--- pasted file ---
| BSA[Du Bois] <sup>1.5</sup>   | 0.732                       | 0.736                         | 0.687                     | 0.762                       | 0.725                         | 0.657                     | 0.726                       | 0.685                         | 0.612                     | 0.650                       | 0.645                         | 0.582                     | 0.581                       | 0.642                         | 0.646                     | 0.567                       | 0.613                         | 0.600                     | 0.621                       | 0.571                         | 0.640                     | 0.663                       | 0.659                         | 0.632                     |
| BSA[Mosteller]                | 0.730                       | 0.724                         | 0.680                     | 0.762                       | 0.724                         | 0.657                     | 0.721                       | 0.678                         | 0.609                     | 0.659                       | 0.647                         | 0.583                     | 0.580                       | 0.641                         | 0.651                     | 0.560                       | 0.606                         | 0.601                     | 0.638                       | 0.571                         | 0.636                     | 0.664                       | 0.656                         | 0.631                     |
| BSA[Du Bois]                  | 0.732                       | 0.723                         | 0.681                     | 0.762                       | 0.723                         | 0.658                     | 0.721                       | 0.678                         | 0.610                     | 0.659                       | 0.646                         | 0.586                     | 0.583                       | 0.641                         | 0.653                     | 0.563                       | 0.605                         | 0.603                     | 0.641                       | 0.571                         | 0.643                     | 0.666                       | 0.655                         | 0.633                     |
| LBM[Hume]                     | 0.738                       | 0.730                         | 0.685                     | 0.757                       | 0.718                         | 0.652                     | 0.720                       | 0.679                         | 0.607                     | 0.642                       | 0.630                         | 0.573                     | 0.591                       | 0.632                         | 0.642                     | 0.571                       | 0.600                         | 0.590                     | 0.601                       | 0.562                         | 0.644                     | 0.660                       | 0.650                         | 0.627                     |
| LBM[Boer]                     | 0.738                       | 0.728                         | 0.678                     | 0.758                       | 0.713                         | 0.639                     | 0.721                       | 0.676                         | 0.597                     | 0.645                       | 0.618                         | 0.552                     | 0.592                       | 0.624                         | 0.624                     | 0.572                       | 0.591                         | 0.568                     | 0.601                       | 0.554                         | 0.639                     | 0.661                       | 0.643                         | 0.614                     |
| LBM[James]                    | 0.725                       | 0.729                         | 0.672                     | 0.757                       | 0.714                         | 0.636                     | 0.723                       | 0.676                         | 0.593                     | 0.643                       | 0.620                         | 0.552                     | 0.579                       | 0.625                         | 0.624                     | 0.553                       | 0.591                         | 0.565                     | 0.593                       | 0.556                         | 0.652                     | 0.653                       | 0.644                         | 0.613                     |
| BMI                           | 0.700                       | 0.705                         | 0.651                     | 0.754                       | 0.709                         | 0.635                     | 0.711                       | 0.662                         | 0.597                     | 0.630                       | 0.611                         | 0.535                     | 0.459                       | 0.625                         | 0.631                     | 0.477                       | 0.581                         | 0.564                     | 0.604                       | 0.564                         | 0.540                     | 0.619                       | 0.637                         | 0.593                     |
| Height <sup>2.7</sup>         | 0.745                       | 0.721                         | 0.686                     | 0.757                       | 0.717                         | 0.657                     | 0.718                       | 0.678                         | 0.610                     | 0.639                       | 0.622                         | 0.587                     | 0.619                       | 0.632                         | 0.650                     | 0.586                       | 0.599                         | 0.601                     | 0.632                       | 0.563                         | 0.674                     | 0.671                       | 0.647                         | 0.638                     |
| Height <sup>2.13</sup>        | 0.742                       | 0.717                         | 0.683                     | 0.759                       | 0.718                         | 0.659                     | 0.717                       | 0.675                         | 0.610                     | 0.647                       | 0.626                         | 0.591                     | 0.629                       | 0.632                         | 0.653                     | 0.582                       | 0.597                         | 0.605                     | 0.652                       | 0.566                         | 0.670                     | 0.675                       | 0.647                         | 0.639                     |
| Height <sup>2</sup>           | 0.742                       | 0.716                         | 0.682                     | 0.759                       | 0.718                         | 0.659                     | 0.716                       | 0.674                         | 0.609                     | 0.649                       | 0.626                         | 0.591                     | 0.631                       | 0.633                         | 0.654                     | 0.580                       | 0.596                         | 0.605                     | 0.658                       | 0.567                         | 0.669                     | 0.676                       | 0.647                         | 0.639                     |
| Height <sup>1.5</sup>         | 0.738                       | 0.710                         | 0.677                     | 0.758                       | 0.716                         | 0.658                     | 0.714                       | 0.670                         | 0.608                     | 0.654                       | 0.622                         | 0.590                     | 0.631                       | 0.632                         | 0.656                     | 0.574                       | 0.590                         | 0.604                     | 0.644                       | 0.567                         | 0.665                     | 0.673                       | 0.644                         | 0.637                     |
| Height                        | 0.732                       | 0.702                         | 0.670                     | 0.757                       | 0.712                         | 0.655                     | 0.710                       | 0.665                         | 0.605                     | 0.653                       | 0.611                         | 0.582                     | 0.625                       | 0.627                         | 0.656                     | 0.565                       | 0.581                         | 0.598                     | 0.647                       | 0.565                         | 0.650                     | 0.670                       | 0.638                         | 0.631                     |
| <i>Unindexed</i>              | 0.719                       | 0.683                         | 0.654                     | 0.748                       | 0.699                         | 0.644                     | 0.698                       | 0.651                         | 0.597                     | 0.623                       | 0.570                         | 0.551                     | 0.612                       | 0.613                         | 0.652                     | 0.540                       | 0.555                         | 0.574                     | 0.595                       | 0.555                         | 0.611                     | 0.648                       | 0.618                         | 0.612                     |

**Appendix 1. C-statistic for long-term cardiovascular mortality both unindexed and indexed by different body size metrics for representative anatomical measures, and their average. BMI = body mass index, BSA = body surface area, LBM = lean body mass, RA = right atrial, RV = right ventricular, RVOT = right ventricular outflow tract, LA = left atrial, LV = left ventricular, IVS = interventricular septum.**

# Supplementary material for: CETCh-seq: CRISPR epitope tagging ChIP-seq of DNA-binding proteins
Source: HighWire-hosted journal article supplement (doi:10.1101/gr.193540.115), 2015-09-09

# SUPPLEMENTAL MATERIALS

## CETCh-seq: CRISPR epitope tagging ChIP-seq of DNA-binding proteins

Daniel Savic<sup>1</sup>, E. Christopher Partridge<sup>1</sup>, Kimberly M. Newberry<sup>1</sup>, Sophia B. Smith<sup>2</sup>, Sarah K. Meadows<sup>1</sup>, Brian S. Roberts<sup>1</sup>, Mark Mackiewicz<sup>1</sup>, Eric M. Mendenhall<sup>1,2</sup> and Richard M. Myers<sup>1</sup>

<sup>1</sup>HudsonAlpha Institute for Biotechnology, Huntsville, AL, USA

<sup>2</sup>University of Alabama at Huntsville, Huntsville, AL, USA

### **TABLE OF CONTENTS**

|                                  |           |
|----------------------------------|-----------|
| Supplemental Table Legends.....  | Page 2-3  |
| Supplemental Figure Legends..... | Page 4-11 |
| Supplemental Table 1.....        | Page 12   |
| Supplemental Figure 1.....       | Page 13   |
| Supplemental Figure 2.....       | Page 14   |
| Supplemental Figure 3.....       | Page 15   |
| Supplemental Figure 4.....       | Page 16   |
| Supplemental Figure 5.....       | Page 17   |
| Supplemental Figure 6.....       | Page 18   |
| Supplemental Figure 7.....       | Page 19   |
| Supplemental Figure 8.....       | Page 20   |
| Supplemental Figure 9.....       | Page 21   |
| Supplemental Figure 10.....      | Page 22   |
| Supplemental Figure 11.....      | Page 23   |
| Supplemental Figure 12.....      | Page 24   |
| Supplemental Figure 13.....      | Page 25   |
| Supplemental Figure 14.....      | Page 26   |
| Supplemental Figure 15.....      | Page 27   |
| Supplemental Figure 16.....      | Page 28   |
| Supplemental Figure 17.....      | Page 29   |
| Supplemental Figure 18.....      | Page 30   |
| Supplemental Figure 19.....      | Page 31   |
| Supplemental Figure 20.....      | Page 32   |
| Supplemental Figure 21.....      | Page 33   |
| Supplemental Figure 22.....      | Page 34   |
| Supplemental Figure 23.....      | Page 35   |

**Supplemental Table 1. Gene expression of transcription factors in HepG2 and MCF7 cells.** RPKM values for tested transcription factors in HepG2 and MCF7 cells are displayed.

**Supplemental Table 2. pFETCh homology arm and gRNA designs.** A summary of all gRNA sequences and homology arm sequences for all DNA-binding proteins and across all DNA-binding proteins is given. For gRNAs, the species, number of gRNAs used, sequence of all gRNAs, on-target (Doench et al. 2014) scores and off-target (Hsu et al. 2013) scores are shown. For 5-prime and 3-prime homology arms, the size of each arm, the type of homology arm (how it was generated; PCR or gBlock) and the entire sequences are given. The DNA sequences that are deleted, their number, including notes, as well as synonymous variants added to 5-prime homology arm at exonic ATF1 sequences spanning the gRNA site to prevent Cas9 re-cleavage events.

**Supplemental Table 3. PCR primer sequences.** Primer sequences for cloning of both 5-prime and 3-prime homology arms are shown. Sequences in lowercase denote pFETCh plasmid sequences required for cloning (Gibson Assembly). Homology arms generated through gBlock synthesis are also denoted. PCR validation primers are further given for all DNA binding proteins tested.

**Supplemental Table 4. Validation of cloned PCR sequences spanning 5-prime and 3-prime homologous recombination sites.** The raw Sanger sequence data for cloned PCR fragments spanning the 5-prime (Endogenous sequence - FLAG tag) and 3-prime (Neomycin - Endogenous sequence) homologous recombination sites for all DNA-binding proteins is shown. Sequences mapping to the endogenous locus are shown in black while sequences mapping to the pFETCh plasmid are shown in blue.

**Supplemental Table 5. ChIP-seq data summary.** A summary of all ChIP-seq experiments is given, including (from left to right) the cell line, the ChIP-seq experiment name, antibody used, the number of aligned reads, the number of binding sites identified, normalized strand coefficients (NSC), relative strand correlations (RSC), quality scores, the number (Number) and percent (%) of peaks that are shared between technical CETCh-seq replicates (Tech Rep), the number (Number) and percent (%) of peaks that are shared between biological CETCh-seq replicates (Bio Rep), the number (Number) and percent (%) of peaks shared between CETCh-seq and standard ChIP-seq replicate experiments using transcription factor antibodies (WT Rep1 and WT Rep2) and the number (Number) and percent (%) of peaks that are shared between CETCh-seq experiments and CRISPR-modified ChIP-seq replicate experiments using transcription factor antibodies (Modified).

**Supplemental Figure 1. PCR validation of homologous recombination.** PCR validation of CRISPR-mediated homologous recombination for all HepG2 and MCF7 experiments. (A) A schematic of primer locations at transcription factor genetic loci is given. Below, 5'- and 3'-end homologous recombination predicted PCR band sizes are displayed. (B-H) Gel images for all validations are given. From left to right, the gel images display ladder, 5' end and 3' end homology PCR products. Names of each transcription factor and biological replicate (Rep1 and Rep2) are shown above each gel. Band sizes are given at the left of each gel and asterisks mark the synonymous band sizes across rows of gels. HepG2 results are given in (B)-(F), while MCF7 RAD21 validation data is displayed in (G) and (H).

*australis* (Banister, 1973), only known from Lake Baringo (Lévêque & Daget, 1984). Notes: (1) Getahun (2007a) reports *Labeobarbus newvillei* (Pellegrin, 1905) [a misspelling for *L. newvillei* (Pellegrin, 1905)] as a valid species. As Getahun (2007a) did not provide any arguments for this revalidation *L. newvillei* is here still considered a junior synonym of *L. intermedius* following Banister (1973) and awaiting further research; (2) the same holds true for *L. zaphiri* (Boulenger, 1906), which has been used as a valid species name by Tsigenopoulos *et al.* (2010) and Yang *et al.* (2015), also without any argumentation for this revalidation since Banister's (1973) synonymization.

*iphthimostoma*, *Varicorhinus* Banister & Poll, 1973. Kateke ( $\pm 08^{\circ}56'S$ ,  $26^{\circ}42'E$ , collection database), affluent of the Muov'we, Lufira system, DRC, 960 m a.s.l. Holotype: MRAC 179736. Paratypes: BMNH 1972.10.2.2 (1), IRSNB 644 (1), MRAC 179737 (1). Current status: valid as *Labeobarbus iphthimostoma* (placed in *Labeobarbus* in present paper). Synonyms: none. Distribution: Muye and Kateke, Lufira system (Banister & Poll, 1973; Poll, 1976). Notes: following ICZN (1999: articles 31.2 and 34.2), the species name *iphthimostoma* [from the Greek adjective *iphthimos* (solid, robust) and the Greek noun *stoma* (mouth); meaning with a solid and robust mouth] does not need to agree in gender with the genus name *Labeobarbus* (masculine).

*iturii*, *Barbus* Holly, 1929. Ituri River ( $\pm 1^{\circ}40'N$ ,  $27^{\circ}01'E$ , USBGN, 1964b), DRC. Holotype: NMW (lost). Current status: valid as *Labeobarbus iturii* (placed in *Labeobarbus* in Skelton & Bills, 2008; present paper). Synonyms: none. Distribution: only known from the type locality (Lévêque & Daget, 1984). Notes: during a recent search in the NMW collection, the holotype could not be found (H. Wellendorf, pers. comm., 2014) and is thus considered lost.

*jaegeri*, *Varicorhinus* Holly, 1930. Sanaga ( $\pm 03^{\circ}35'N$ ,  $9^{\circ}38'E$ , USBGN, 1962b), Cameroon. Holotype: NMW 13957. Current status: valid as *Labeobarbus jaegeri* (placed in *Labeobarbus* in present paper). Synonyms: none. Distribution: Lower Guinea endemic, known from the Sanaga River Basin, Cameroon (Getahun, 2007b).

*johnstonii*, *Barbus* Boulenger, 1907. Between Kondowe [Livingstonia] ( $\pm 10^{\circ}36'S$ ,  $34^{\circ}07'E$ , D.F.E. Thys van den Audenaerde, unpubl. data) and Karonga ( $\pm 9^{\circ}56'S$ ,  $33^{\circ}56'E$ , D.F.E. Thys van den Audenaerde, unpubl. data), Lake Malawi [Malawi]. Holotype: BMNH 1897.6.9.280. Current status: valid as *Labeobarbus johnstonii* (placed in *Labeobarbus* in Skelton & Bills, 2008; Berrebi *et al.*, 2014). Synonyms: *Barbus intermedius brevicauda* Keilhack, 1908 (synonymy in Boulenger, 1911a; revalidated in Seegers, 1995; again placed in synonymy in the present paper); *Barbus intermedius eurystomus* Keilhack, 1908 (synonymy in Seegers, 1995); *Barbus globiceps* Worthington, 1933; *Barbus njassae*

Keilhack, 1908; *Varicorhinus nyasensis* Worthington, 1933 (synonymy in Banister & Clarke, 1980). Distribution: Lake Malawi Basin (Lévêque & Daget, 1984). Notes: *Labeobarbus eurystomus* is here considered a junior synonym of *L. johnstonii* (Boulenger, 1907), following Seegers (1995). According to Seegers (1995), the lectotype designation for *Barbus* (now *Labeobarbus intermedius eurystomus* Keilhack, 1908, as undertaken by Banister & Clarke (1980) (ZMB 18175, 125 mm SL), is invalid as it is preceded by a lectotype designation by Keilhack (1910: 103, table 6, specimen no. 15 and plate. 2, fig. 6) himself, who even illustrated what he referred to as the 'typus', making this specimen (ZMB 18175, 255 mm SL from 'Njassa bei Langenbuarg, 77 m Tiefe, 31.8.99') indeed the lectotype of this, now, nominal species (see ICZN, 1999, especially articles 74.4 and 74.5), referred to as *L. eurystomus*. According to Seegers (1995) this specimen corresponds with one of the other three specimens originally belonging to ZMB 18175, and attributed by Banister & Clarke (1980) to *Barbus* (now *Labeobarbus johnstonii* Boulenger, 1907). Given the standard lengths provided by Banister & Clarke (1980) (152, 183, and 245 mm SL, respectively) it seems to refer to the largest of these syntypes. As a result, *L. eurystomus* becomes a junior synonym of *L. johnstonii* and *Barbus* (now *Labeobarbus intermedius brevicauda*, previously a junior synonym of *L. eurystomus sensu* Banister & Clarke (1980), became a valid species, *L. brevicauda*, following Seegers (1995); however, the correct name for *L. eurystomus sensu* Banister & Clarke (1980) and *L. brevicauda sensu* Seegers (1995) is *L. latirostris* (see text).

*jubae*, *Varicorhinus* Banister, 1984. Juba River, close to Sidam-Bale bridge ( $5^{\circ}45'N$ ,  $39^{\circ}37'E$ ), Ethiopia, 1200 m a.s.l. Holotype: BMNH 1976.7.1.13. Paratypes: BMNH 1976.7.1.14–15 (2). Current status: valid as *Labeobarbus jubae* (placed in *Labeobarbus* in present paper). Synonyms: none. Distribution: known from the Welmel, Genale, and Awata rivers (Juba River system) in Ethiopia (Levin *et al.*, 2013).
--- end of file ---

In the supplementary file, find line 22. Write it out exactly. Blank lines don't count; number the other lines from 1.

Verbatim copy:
### **TABLE OF CONTENTS**